The company is 100% government owned but is allowed to operate as a private enterprise. A government board gives guidance but does not interfere in the day-to-day activities of the airline. “The business autonomy has been very helpful, unlike other African country’s governments where you have a lot of interference...the Government also treats the airline as a strategic asset not as a simple business organisation but a very long term vision with a strategic mind set.”
Becoming a member of the Star Alliance airline partnership in 2011 has been one of the company's key moments. “Ethiopian Airlines is also adding value to the Star Alliance network because if you see Star Alliance they have Egypt Air in the north, South African Airways in the south but in the middle it is a white spot,” comments Mr Gebremariam.
This is the benefit that Ethiopian Airlines offers to Star Alliance; the three key benefits for the airline itself are the revenue feed from the Star Alliance network and the coverage it offers to Australia and South America; reductions in overheads resulting from shared facilities with other alliance members; and, perhaps most importantly, the benefits to the brand awareness of an airline that does not yet possess a high profile elsewhere in the world.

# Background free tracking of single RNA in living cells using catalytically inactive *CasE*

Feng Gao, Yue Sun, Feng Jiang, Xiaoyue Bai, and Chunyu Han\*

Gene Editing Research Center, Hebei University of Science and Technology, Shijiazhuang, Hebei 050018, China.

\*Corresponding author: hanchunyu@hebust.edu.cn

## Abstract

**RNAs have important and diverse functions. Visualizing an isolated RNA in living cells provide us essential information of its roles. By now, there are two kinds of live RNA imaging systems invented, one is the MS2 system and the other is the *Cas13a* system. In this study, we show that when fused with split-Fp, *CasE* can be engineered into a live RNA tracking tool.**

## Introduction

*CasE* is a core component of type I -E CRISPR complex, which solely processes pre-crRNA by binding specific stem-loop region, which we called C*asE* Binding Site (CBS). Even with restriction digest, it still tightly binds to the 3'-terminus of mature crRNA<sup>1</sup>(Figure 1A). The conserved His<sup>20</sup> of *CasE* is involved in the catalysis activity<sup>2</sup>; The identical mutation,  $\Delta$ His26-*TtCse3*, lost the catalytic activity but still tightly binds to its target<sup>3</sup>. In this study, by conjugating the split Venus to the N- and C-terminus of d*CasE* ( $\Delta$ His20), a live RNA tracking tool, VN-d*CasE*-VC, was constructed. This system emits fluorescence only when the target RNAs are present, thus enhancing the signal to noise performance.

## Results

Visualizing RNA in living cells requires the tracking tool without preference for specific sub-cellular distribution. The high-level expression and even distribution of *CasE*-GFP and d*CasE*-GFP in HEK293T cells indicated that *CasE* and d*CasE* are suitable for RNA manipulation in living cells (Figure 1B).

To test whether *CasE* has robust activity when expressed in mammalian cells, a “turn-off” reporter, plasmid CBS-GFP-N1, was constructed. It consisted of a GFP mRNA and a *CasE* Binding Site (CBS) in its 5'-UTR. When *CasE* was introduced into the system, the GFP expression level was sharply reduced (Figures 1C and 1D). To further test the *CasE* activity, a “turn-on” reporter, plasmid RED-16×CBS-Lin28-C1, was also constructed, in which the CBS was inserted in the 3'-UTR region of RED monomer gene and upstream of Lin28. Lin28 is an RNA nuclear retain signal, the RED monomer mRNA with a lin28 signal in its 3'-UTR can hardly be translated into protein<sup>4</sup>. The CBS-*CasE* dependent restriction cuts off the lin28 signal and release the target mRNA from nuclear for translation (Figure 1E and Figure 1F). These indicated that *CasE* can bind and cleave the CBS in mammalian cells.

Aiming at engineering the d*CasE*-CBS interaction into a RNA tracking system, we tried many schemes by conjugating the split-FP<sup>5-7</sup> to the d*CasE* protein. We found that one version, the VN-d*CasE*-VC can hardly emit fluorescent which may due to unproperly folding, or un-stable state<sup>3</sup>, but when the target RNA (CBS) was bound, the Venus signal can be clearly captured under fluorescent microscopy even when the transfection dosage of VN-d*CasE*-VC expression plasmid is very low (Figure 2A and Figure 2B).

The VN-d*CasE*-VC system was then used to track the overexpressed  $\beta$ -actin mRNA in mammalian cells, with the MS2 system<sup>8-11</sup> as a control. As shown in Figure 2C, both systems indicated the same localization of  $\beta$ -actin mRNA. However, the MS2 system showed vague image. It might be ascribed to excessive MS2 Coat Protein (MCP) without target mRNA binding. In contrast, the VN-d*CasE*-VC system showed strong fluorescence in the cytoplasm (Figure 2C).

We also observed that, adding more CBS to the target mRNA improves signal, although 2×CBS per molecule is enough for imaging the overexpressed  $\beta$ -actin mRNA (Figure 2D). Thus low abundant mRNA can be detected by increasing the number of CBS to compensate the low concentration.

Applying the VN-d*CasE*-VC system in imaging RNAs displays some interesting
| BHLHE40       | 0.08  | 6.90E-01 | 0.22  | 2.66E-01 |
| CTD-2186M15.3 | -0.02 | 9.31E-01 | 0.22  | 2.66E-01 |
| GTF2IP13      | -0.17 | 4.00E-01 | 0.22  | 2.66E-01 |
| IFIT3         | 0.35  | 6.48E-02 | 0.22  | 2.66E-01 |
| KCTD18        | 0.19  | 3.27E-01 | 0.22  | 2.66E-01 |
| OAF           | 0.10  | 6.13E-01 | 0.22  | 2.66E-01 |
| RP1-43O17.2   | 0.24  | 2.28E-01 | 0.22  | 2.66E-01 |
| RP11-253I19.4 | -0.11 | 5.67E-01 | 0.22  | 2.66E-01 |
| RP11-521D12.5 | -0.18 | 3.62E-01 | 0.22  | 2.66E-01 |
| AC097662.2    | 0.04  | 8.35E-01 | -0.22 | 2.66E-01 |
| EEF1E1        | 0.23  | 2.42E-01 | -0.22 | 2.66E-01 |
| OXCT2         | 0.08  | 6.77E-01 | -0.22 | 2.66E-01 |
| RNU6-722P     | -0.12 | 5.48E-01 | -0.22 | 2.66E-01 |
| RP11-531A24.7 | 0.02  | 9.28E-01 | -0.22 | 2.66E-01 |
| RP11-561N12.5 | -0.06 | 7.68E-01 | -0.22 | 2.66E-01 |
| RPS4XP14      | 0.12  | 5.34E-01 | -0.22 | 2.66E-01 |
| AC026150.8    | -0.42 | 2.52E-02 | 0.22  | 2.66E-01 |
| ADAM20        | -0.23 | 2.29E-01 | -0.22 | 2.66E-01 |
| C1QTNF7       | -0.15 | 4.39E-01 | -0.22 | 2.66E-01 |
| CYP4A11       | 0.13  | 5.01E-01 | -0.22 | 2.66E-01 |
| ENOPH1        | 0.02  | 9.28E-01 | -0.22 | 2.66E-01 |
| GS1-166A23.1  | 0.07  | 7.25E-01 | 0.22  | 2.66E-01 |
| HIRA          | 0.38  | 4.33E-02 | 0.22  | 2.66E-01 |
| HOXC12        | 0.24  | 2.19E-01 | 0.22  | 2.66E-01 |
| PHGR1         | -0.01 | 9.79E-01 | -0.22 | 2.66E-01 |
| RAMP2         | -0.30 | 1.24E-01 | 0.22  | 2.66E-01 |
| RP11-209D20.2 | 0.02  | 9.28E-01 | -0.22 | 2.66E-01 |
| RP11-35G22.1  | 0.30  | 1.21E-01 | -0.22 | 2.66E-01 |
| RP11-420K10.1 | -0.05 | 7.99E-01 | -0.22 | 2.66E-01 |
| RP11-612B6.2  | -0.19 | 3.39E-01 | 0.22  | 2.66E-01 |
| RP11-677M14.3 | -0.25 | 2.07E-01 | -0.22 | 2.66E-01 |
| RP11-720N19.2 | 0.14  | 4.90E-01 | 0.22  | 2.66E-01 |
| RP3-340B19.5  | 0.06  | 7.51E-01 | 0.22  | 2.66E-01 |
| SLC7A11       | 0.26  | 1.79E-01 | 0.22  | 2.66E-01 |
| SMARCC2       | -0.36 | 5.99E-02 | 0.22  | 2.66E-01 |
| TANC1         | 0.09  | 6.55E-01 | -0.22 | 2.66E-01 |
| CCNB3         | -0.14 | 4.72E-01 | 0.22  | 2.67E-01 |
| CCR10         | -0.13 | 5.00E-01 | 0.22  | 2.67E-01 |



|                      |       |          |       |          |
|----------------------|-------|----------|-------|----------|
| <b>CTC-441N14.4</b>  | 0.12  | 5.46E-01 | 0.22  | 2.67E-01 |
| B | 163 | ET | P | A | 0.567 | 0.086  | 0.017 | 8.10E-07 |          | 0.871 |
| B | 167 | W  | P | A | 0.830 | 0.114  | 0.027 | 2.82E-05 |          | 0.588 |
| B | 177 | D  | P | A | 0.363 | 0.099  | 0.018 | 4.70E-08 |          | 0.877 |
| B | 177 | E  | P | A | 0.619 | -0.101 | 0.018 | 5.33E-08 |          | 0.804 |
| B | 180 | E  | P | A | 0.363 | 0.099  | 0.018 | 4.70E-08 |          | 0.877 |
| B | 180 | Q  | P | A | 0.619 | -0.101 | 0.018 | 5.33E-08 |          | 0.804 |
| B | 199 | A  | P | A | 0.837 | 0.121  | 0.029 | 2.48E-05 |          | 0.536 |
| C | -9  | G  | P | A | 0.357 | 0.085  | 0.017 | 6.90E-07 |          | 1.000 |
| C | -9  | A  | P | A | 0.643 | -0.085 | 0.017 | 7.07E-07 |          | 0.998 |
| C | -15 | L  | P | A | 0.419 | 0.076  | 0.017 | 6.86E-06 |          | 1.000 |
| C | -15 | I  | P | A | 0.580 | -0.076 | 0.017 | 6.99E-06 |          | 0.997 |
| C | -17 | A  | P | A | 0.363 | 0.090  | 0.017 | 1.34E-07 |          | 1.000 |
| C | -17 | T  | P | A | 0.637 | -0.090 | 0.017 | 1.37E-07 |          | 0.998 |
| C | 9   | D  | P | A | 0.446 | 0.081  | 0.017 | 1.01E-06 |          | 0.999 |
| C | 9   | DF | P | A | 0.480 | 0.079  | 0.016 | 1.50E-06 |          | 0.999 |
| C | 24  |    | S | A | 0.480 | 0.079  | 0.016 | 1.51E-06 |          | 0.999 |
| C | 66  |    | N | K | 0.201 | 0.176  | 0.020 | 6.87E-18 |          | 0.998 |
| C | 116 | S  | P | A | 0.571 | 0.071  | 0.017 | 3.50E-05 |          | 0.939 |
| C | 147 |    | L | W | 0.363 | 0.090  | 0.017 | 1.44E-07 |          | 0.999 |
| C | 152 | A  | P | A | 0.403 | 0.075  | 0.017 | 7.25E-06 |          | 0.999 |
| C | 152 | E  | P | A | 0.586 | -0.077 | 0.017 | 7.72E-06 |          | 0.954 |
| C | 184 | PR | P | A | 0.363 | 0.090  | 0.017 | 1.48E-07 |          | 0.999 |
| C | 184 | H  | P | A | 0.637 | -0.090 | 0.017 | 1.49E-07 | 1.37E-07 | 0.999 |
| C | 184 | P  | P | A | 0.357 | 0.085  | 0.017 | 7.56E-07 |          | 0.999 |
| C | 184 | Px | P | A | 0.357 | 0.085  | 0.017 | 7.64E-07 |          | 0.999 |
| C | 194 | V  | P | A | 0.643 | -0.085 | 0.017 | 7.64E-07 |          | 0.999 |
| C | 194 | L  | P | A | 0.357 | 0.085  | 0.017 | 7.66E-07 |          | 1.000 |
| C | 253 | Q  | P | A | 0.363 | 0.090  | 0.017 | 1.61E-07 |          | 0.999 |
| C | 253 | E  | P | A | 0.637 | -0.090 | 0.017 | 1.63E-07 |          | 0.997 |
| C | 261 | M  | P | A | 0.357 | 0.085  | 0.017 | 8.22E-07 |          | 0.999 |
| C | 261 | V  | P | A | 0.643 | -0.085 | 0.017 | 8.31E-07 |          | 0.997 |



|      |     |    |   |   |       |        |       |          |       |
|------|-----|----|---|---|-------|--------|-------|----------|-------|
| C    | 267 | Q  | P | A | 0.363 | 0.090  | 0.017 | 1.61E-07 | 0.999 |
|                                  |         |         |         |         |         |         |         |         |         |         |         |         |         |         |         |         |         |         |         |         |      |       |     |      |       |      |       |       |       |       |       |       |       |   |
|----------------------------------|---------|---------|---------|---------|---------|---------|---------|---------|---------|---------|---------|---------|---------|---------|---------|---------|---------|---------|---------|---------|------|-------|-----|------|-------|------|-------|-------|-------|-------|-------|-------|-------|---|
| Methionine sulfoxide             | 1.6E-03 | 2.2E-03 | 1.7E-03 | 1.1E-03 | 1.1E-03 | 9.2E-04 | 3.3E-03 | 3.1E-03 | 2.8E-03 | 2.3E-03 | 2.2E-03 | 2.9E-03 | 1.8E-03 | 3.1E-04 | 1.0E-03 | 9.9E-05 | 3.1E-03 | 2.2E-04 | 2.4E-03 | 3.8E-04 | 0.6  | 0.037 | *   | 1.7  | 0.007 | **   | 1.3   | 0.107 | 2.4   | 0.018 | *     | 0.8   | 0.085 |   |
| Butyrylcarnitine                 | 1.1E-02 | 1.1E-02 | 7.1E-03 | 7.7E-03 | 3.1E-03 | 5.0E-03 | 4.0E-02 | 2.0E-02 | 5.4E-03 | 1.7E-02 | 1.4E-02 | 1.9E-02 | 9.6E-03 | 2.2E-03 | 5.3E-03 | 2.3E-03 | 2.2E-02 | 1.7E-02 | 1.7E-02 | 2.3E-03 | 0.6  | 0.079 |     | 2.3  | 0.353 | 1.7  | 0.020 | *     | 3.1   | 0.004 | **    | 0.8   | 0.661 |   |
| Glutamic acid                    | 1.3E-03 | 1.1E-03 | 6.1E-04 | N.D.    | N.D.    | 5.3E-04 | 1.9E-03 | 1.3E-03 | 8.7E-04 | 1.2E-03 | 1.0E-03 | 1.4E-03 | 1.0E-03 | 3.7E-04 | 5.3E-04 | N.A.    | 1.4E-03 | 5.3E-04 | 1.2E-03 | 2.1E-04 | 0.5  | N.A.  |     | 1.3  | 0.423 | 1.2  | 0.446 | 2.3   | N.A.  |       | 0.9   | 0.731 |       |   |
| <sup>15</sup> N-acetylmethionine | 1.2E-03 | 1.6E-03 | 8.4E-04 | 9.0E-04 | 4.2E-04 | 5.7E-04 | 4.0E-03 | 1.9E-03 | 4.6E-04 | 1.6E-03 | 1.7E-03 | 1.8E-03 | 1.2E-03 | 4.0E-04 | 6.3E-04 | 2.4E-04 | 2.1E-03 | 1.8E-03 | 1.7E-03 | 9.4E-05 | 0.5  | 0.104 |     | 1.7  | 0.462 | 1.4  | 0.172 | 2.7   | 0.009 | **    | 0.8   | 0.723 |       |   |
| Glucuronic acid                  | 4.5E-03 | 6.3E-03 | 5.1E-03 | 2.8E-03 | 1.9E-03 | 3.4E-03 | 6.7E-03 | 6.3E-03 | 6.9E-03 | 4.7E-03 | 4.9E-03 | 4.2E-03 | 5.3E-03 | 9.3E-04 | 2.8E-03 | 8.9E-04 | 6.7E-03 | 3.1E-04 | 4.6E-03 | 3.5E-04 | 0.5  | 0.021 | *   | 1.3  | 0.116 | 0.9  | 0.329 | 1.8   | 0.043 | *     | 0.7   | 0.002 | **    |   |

Mr Gebremariam sees the key achievement of his company as its self-sufficiency in a complex and difficult business arena: “In a very challenging operating environment, with very challenging operating economics, against all these odds you see Ethiopian Airlines growing, making profits, financing its growth itself. All our finances are self-generated meaning we borrow money but we pay back with interest. The industry respects us for our reliable business partnership whether licensers, manufacturers or financers.”
He sums up the key customer appeal of the airline he heads as its enabling role for engagement with one of the world's most fascinating and promising continents: “You can board an Ethiopian Airlines flight in Frankfurt and you are ready to do your business in Tanzania or Uganda the next morning.”